In the United States, Barack Obama has an annual expense budget of $50,000, plus a $100,000 travel account, and while the official residential budget for the president stands at $13.2 million (including official state dinners; in reality, when you factor in security expenses, the total is closer to $1.5 billion), the president himself has to pay for his own personal expenses, including Thanksgiving dinner, his own toothpaste and dry cleaning.

At private parties, the president – not the taxpayers – pays for food, beverages and waiters. When Michelle Obama buys dresses, she has to pay for them, seeing as the role of First Lady doesn’t include a clothing allowance (Jackie Kennedy famously had to have her father-in-law finance part of her wardrobe).

Such traditions are based on a simple concept: There is no reason why taxpayers should pay for anything other than official functions. There have been some anomalies, sure, but overall U.S. leaders do not enjoy the kind of imperial splendor the Netanyahu household is famous for.

Some presidents and First Ladies have been by surprised by this, at first. Shortly after moving in to the White House, Nancy Reagan said: “Nobody told us that the president and his wife are charged for every meal, as well as for such incidentals as dry cleaning, toothpaste and other toiletries.”

It is said of Mary Todd Lincoln that she briefly considered selling manure to pay off her immense clothing bills.

None of these personalities, as far as we know, took a celebrity interior designer for a tour of her official residence, displaying the derelict living conditions in which she’s forced to live – damp ceilings, creaking doors, disintegrating rugs - as Sara Netanyahu did last week.

In the United Kingdom, Prime Minister David Cameron earns so little (£142,000 before taxes, or about $219,400) that more than 20 percent of the officials in the European Union get paid more than he does (which might explain why he is claiming expenses on paper clips). During 2013-2014, Cameron claimed £129,512 in parliamentary expenses, which include staffing, office costs and travel. And while British MPs have had their own share of ridiculous expense scandals, Cameron’s car allowance doesn’t even hold up to Netanyahu’s ice-cream bills. Then again, the British premier did apparently spend more than £700,000 in taxpayer money in renovations at 10 Downing Street – including a remodeled kitchen – which makes Netanyahu’s renovation bills seem like a pittance.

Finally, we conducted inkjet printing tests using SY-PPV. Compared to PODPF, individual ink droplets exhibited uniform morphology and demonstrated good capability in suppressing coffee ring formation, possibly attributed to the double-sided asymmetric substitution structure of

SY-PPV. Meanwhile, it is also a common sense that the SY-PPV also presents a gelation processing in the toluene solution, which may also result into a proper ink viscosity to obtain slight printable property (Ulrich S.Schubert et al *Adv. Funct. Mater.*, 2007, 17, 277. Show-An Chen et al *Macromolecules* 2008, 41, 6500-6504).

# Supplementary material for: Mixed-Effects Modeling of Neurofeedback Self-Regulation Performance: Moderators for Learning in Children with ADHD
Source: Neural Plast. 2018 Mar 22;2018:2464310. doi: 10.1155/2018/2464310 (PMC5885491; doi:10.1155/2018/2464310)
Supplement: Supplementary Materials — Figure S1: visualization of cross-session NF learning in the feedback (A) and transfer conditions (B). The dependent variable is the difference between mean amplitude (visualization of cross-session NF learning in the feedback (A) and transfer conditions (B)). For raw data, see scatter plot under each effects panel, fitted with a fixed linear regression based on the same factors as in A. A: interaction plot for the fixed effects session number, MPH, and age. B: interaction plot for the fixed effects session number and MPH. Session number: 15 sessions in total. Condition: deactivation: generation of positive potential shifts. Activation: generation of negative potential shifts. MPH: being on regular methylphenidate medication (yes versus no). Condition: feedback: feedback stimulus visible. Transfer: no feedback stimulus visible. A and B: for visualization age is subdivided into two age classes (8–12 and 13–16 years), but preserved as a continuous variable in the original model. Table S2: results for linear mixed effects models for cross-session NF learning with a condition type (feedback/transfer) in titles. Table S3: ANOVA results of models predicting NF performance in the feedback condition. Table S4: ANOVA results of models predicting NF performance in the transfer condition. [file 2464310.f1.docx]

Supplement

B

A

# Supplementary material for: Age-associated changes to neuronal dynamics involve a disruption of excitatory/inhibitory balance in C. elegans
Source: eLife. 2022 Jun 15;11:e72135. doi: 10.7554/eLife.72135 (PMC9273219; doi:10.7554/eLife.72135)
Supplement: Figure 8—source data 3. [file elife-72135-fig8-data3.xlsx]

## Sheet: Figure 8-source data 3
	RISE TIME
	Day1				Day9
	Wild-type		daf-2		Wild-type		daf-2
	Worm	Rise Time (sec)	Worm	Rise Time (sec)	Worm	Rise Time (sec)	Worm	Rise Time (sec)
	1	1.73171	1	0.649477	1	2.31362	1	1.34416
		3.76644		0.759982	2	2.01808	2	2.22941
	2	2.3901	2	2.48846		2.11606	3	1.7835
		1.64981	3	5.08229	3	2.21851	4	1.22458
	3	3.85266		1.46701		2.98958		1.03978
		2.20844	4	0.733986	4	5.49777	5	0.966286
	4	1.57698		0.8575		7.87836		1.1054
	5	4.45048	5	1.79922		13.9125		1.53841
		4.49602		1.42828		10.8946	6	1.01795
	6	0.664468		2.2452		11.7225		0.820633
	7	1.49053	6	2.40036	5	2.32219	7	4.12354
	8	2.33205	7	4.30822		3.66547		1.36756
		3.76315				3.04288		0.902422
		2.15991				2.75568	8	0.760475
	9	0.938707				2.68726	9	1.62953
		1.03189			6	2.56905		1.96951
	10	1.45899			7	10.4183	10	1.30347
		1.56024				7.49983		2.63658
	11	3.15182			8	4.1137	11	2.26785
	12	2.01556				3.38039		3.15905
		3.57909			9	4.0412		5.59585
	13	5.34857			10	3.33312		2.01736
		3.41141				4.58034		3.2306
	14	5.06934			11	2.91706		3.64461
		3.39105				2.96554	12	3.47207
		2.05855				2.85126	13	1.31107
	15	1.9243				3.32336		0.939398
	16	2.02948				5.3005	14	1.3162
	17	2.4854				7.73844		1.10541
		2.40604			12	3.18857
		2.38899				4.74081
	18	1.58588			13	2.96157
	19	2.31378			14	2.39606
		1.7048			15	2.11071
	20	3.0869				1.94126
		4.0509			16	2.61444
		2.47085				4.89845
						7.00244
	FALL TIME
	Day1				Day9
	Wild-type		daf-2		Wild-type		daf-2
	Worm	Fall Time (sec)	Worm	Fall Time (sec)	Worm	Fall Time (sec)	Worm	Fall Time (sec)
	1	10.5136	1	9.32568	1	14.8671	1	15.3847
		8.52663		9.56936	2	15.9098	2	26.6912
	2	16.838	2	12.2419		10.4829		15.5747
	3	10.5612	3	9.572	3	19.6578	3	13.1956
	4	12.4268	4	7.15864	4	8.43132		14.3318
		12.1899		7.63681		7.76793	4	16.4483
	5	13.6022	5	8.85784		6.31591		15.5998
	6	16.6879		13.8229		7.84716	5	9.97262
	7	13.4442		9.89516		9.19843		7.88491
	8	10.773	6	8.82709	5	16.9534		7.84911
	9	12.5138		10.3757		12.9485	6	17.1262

In Sweden, deputy prime minister and PM hopeful Mona Sahlin had to resign in 1995 after it was revealed that she had used her official, government-issued credit card to cover private expenses totaling 50,000 kronor (about $7,600), including a chocolate bar. This came to be known as the “Toblerone affair.”

Netanyahu, of course, will not resign over the current expense scandal. Instead, Israel’s prime minister has gone on the offensive in the past two weeks, accusing Noni Mozes (publisher of Israel’s biggest newspaper, Yedioth Ahronoth) of orchestrating a “slander campaign” against him, among other things.

One should not dismiss the outrage felt by many Israelis over Netanyahu’s spending, however. The uneasiness and shame with which all these scandals have been met is deeply rooted in Israeli culture, in light of the cherished frugality demonstrated by David Ben-Gurion, Golda Meir and Menachem Begin, with their crummy apartments and their worn-out clothes. Israel’s old guard had no illusions of grandeur, no presumptions of aristocracy. For that, they are remembered fondly, even if sometimes only for that.

The thing is, though, Benjamin Netanyahu has been in power – either as PM or as senior member of government – for nearly two decades now. During that time, he got embroiled in countless scandals having to do with his lavish lifestyle. Israelis have been hearing about his gifts, his furniture, his ice cream, his scented candles, his rich benefactors, his million-dollar trips to China, his luxury suites and his water bills, for almost 20 years. And many Israelis love hearing about all this. Israel has no aristocracy of its own, no royal families to obsess about. A prime minister and his wife who think of themselves as royalty is as close as they can get.

But still, Netanyahu’s taste for opulence is chump change compared to Israel’s real problems, a symptom of a much larger malady, a drop in a very murky ocean. It is a symbol, yes, but eventually one has to drop the symbolism and deal with the more real, and much tougher tasks at hand.

Still, it’s much more entertaining – and easier – to talk about Netanyahu’s private pool than all those other things.